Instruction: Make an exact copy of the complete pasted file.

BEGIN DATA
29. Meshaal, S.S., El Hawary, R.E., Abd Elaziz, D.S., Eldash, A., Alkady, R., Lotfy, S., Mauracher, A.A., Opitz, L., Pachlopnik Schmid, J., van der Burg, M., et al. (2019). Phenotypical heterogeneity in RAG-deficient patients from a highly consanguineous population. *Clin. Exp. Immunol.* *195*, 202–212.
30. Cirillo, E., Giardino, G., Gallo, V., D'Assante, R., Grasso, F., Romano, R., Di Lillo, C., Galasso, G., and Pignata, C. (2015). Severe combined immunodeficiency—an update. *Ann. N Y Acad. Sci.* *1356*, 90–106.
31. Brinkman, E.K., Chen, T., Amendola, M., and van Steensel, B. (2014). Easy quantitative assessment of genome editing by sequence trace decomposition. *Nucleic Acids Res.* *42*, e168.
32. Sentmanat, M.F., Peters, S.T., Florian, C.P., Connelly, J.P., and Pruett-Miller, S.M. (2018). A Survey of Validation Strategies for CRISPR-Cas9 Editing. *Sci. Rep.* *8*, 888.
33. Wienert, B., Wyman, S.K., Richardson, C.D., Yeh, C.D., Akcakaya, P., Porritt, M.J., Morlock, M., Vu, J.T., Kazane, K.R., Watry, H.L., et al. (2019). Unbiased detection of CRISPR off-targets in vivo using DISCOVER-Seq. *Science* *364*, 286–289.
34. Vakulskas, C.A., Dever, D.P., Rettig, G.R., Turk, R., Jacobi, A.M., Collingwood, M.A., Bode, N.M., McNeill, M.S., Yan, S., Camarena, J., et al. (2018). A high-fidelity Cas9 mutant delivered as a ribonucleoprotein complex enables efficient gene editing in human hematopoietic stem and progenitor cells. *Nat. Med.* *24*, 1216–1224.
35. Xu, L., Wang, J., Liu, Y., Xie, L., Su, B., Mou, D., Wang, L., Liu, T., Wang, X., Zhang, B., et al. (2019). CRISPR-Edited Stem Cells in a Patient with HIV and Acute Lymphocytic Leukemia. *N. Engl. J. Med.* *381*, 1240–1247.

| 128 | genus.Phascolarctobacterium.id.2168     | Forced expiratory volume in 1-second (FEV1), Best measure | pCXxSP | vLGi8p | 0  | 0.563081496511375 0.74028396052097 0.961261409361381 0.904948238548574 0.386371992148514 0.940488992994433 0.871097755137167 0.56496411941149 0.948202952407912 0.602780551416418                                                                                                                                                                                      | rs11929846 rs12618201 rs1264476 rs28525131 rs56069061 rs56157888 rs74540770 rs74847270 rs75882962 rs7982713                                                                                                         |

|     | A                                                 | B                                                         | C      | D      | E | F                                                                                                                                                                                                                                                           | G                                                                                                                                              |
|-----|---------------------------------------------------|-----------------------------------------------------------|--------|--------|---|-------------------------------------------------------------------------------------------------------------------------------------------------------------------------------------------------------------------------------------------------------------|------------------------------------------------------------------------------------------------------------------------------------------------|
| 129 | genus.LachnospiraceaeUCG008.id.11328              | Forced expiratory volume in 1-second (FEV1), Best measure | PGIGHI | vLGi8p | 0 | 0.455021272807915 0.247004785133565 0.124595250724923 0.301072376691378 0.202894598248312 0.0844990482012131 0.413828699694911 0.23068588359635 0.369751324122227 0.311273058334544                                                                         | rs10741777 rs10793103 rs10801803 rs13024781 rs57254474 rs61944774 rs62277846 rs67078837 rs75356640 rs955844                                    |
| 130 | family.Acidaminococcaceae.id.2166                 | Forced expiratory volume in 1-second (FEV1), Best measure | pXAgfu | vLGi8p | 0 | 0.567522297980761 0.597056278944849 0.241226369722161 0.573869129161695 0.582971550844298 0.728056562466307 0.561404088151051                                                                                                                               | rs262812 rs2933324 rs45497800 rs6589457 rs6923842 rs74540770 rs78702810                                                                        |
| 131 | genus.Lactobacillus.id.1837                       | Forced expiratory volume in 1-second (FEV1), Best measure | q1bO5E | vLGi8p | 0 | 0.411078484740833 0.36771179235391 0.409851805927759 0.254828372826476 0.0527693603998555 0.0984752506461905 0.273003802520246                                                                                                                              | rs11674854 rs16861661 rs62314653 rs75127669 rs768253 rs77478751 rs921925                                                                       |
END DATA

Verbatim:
29. Meshaal, S.S., El Hawary, R.E., Abd Elaziz, D.S., Eldash, A., Alkady, R., Lotfy, S., Mauracher, A.A., Opitz, L., Pachlopnik Schmid, J., van der Burg, M., et al. (2019). Phenotypical heterogeneity in RAG-deficient patients from a highly consanguineous population. *Clin. Exp. Immunol.* *195*, 202–212.
30. Cirillo, E., Giardino, G., Gallo, V., D'Assante, R., Grasso, F., Romano, R., Di Lillo, C., Galasso, G., and Pignata, C. (2015). Severe combined immunodeficiency—an update. *Ann. N Y Acad. Sci.* *1356*, 90–106.
31. Brinkman, E.K., Chen, T., Amendola, M., and van Steensel, B. (2014). Easy quantitative assessment of genome editing by sequence trace decomposition. *Nucleic Acids Res.* *42*, e168.
32. Sentmanat, M.F., Peters, S.T., Florian, C.P., Connelly, J.P., and Pruett-Miller, S.M. (2018). A Survey of Validation Strategies for CRISPR-Cas9 Editing. *Sci. Rep.* *8*, 888.
33. Wienert, B., Wyman, S.K., Richardson, C.D., Yeh, C.D., Akcakaya, P., Porritt, M.J., Morlock, M., Vu, J.T., Kazane, K.R., Watry, H.L., et al. (2019). Unbiased detection of CRISPR off-targets in vivo using DISCOVER-Seq. *Science* *364*, 286–289.
34. Vakulskas, C.A., Dever, D.P., Rettig, G.R., Turk, R., Jacobi, A.M., Collingwood, M.A., Bode, N.M., McNeill, M.S., Yan, S., Camarena, J., et al. (2018). A high-fidelity Cas9 mutant delivered as a ribonucleoprotein complex enables efficient gene editing in human hematopoietic stem and progenitor cells. *Nat. Med.* *24*, 1216–1224.
35. Xu, L., Wang, J., Liu, Y., Xie, L., Su, B., Mou, D., Wang, L., Liu, T., Wang, X., Zhang, B., et al. (2019). CRISPR-Edited Stem Cells in a Patient with HIV and Acute Lymphocytic Leukemia. *N. Engl. J. Med.* *381*, 1240–1247.

| 128 | genus.Phascolarctobacterium.id.2168     | Forced expiratory volume in 1-second (FEV1), Best measure | pCXxSP | vLGi8p | 0  | 0.563081496511375 0.74028396052097 0.961261409361381 0.904948238548574 0.386371992148514 0.940488992994433 0.871097755137167 0.56496411941149 0.948202952407912 0.602780551416418                                                                                                                                                                                      | rs11929846 rs12618201 rs1264476 rs28525131 rs56069061 rs56157888 rs74540770 rs74847270 rs75882962 rs7982713                                                                                                         |

|     | A                                                 | B                                                         | C      | D      | E | F                                                                                                                                                                                                                                                           | G                                                                                                                                              |
|-----|---------------------------------------------------|-----------------------------------------------------------|--------|--------|---|-------------------------------------------------------------------------------------------------------------------------------------------------------------------------------------------------------------------------------------------------------------|------------------------------------------------------------------------------------------------------------------------------------------------|
| 129 | genus.LachnospiraceaeUCG008.id.11328              | Forced expiratory volume in 1-second (FEV1), Best measure | PGIGHI | vLGi8p | 0 | 0.455021272807915 0.247004785133565 0.124595250724923 0.301072376691378 0.202894598248312 0.0844990482012131 0.413828699694911 0.23068588359635 0.369751324122227 0.311273058334544                                                                         | rs10741777 rs10793103 rs10801803 rs13024781 rs57254474 rs61944774 rs62277846 rs67078837 rs75356640 rs955844                                    |
| 130 | family.Acidaminococcaceae.id.2166                 | Forced expiratory volume in 1-second (FEV1), Best measure | pXAgfu | vLGi8p | 0 | 0.567522297980761 0.597056278944849 0.241226369722161 0.573869129161695 0.582971550844298 0.728056562466307 0.561404088151051                                                                                                                               | rs262812 rs2933324 rs45497800 rs6589457 rs6923842 rs74540770 rs78702810                                                                        |
| 131 | genus.Lactobacillus.id.1837                       | Forced expiratory volume in 1-second (FEV1), Best measure | q1bO5E | vLGi8p | 0 | 0.411078484740833 0.36771179235391 0.409851805927759 0.254828372826476 0.0527693603998555 0.0984752506461905 0.273003802520246                                                                                                                              | rs11674854 rs16861661 rs62314653 rs75127669 rs768253 rs77478751 rs921925                                                                       |